Basel II, with and without the countercyclical capital policy (7). Clearly, if banks can
increase profits by voluntarily adopting countercyclical capital buffers, they will not
wait for the regulator to intervene before implementing such a policy.
Figure 4 reports the impulse response of bank gross profits (ie before capital
depreciation) to the usual technology and monetary policy shocks under the four
regimes discussed in the previous section: the Basel I and Basel II regimes
underlying Figures 1 and 2; the Basel II regime with the countercyclical and
‘strongly’ countercyclical policy (7) underlying Figure 3.
look at the first panel, reporting the response of bank profits to a technology
shock. gauged with the yardstick of bank profits, the worst regime is Basel II with
fixed capital buffers; next comes the Basel I regime; then, the Basel II with time-
varying, countercyclical capital buffers (countercyclical K requirement). The best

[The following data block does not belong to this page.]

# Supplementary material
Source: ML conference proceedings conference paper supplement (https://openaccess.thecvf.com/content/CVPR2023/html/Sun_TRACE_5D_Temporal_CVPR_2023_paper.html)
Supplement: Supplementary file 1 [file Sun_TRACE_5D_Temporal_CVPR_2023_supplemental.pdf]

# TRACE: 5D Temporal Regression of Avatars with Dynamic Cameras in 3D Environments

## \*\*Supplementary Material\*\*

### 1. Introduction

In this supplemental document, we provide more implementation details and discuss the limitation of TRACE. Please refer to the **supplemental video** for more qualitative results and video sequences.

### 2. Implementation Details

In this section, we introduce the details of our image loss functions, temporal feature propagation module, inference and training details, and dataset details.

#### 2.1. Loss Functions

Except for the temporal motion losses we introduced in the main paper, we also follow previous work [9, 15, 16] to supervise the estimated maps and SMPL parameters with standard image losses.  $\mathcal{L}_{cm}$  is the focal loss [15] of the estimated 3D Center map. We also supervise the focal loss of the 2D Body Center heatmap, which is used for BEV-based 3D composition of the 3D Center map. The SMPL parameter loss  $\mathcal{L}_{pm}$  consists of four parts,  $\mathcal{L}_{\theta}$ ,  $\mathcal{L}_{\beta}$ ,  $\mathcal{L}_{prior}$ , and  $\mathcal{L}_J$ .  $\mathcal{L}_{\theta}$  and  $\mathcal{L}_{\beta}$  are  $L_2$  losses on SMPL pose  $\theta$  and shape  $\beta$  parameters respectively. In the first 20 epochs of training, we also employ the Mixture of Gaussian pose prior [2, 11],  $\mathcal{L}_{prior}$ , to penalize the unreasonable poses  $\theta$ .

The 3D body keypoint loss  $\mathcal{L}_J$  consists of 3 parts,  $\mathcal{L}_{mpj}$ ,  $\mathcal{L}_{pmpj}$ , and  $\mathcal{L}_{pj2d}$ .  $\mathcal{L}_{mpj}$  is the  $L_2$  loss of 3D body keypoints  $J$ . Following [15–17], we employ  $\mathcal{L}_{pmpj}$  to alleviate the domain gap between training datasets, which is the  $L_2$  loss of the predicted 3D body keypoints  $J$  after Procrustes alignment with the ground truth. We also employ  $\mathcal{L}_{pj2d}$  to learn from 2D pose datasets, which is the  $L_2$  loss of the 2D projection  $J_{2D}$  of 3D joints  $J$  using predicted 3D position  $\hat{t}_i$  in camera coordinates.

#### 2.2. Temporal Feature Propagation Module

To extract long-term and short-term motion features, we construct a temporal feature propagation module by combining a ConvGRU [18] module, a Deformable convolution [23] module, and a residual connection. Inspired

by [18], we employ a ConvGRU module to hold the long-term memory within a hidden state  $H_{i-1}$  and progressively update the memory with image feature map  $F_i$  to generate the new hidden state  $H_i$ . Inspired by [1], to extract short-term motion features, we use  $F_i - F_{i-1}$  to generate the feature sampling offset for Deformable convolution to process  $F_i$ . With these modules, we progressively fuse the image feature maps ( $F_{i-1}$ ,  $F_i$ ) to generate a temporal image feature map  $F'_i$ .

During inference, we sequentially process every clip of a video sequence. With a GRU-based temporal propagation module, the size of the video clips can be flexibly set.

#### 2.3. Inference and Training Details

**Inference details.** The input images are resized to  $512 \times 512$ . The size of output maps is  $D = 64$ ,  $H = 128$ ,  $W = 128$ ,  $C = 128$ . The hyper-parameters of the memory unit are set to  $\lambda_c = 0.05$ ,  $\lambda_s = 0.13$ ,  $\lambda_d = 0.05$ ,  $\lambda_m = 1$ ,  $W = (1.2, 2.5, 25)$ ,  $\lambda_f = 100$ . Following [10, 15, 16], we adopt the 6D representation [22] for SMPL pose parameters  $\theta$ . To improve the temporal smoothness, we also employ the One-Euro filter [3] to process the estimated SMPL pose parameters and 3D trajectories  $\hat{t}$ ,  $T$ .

is the Basel II with strongly countercyclical K requirement. Thus, it seems that a
countercyclical accumulation of voluntary capital buffers would be in the banks’
own interest.
Next, consider panel 2, reporting the response of profits to the expansionary
monetary policy shock. Here the results become ambiguous. Specifically, the
ordering of the curves depends on the time horizon: a policy of countercyclical
capital buffers accumulation would initially harm profits. When a countercyclical
policy is implemented, capital requirements are increased exactly when the
capital/assets ratio falls because of the expansion in lending. As a consequence,
the fall in bank loan rates induced by the expansionary monetary policy is partly
offset by the increase in costs related to the bank capital position (see equation 2)
and, consequently, profits fall by a larger amount. Overall, the figure suggests that
banks would shy away fromsuch a policy. As usual, we also considered a positive